Teenager in custody after a six-year-old child was thrown from 10th floor of London's Tate Modern art gallery
A teenager is in custody on suspicion of attempted murder after a six-year-old boy was thrown from a 10th-floor viewing platform at the Tate Modern art gallery in London.
The victim is in a London hospital after being found on a fifth-floor roof, the Metropolitan Police said.
A police spokesman told PA that the child is "no longer in a life-threatening situation".
"He is critical, but stable," the spokesman added.
The 17-year-old male suspect had remained with members of the public on the 10th-floor viewing platform after the incident on Sunday afternoon, the force said.
They added that there was nothing to suggest that he is known to the victim.
Officers had been called to the gallery at around 2.40pm and the child was treated at the scene before being flown to hospital by London's Air Ambulance.
Visitors reported on social media not being allowed in or out of the gallery while emergency services dealt with the incident.
Scotland Yard said a number of members of the public are assisting police with witness statements.
Administration worker Nancy Barnfield, 47, of Rochdale, was at the 10th-floor viewing gallery with a friend and their children when her friend heard a "loud bang".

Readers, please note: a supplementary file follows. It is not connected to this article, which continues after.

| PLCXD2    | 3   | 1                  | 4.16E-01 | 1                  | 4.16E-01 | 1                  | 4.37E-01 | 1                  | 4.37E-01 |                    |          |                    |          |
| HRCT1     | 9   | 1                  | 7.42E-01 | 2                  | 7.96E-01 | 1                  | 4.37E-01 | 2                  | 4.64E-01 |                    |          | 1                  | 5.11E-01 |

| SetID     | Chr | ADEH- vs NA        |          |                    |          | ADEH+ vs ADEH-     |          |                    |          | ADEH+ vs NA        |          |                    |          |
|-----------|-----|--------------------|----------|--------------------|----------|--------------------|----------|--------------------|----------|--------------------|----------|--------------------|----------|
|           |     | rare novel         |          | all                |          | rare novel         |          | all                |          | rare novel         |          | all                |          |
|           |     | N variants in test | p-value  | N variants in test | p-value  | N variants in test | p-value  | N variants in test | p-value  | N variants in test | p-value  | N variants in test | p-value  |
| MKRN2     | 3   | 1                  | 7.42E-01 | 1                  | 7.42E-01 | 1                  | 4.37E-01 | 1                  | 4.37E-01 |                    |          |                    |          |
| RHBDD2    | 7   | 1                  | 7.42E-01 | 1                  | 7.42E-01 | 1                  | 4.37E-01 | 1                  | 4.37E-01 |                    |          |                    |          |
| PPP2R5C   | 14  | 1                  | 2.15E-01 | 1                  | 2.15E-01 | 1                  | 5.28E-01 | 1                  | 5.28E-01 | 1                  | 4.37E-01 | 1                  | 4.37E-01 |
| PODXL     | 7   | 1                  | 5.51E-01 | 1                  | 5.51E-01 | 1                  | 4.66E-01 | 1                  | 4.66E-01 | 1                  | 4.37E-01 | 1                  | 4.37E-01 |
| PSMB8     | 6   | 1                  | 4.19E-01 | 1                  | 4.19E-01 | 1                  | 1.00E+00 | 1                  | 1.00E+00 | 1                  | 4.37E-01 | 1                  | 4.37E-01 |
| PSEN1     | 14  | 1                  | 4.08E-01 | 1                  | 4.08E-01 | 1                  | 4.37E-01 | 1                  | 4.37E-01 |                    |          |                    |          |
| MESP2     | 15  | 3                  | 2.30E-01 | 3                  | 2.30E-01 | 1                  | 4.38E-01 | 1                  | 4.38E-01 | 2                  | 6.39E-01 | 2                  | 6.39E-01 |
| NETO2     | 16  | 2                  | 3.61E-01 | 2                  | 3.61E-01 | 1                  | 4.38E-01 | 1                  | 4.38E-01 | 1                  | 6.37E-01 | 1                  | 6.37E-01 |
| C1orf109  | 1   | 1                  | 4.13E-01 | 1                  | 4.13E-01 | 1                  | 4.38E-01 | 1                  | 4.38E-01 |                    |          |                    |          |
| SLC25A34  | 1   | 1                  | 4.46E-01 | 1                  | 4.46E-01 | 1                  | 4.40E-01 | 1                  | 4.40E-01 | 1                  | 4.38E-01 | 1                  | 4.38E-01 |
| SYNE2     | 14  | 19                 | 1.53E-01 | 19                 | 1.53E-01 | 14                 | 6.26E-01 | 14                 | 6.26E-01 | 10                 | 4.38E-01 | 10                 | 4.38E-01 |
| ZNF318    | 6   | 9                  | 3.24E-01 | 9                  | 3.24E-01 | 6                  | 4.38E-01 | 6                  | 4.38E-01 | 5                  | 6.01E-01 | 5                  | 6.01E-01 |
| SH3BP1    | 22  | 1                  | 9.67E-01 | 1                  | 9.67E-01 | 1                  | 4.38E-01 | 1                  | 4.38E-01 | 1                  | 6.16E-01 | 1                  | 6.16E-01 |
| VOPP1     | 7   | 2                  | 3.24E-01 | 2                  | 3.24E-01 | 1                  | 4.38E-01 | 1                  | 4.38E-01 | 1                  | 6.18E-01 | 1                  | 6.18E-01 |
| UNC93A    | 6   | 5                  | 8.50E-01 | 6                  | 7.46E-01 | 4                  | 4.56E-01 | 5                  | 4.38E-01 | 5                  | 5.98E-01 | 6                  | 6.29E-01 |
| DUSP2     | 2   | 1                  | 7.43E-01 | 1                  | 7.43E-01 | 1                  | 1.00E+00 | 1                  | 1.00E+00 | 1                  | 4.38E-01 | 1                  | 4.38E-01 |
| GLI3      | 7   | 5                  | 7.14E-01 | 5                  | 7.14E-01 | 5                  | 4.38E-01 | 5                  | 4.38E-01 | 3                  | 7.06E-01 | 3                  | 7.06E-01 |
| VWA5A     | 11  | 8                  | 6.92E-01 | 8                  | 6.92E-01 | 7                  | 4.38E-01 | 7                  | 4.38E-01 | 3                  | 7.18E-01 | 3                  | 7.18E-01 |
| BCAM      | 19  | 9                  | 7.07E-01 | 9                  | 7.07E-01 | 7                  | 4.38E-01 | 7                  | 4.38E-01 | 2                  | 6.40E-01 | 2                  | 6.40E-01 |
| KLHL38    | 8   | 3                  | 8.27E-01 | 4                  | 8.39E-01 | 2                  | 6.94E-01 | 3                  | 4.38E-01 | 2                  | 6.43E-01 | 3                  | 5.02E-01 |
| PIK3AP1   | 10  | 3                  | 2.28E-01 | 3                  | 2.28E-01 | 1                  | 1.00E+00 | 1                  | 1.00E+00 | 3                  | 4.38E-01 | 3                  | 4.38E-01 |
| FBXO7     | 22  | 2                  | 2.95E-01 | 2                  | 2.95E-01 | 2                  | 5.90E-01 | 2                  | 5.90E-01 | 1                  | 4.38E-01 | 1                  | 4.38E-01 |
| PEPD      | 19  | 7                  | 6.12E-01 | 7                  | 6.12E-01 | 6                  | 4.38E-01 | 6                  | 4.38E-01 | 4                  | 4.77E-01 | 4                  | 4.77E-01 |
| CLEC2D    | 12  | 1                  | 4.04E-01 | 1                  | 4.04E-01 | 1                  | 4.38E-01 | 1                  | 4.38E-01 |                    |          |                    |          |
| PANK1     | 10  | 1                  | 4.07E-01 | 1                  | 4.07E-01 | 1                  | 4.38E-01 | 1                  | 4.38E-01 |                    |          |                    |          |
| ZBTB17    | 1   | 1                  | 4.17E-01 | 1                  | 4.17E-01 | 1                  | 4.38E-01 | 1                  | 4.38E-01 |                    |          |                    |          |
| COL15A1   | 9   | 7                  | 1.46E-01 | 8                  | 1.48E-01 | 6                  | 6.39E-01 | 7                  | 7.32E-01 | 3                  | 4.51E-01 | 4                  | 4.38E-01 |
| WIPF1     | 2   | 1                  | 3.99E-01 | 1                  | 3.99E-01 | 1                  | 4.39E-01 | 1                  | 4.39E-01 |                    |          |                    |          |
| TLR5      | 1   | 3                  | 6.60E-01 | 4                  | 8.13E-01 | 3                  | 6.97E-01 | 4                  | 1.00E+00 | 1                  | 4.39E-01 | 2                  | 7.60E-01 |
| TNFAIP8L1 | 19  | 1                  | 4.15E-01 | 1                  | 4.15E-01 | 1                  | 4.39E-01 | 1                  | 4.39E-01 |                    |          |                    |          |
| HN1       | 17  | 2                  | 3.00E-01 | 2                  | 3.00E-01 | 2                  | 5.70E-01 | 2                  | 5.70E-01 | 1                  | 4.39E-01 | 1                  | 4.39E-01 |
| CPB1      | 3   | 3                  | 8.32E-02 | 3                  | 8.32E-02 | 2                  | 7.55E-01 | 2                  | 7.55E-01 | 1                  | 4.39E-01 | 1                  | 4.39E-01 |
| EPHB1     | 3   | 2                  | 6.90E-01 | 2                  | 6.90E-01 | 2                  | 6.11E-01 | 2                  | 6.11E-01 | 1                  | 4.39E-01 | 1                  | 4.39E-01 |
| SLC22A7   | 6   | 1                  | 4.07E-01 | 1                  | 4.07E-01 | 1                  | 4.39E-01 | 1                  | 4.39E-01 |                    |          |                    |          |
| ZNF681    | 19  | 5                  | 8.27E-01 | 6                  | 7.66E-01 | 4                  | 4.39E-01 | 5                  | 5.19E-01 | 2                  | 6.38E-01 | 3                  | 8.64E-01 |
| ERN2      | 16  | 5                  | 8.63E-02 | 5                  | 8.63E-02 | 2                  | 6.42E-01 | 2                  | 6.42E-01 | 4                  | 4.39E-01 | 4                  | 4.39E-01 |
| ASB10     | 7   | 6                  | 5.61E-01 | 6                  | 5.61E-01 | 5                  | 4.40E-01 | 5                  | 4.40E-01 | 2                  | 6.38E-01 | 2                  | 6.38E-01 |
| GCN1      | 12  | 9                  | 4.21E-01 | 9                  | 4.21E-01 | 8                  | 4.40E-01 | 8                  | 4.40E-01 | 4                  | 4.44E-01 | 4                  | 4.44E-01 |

Ms Barnfield turned around and saw a woman screaming "where's my son, where's my son?"
Members of the public quickly gathered around a man who was nearby, she said.
Ms Barnfield said: "We did not notice the mum before, we noticed her after because she was hysterical by then."
She said the person who was restrained by members of the public before the police arrived "just stood there and was quite calm".
But most visitors only discovered that someone had been injured as they tried to leave.
A visitor, who did not want to give his name, said they could hear an air ambulance which had landed on the concrete walkway in front of the building.
A group of uniformed police officers could be seen going into one of the gallery entrances at 4.53pm as the metal shutters were brought down and visitors were turned away.
BBC journalist Jonny Dymond, who was in the gallery at the time of the incident, said visitors were funnelled into a main hall while all exits were closed.
He added: "There were quite a lot of families with children, and security guards told us we couldn't leave.
"There were at least two fire engines, 10 police cars and an incident control unit.
"Parts of the exterior of the building were taped off."
Tate Modern remained closed for the rest of Sunday but will open on Monday as usual although the viewing platform will remain closed, a spokeswoman for the Tate said.
A photocall for a new exhibition which had been due to take place on Monday morning has been postponed, she added.
The spokeswoman said: "Tate is working closely with the police to help with their investigations.
"All our thoughts are with the child and his family."
The Tate Modern was the UK's most popular tourist attraction in 2018 after being visited 5.9 million times, according to the Association of Leading Visitor Attractions.
With the schools having broken up and holiday season begun, there are likely to have been thousands of visitors to the gallery on Sunday.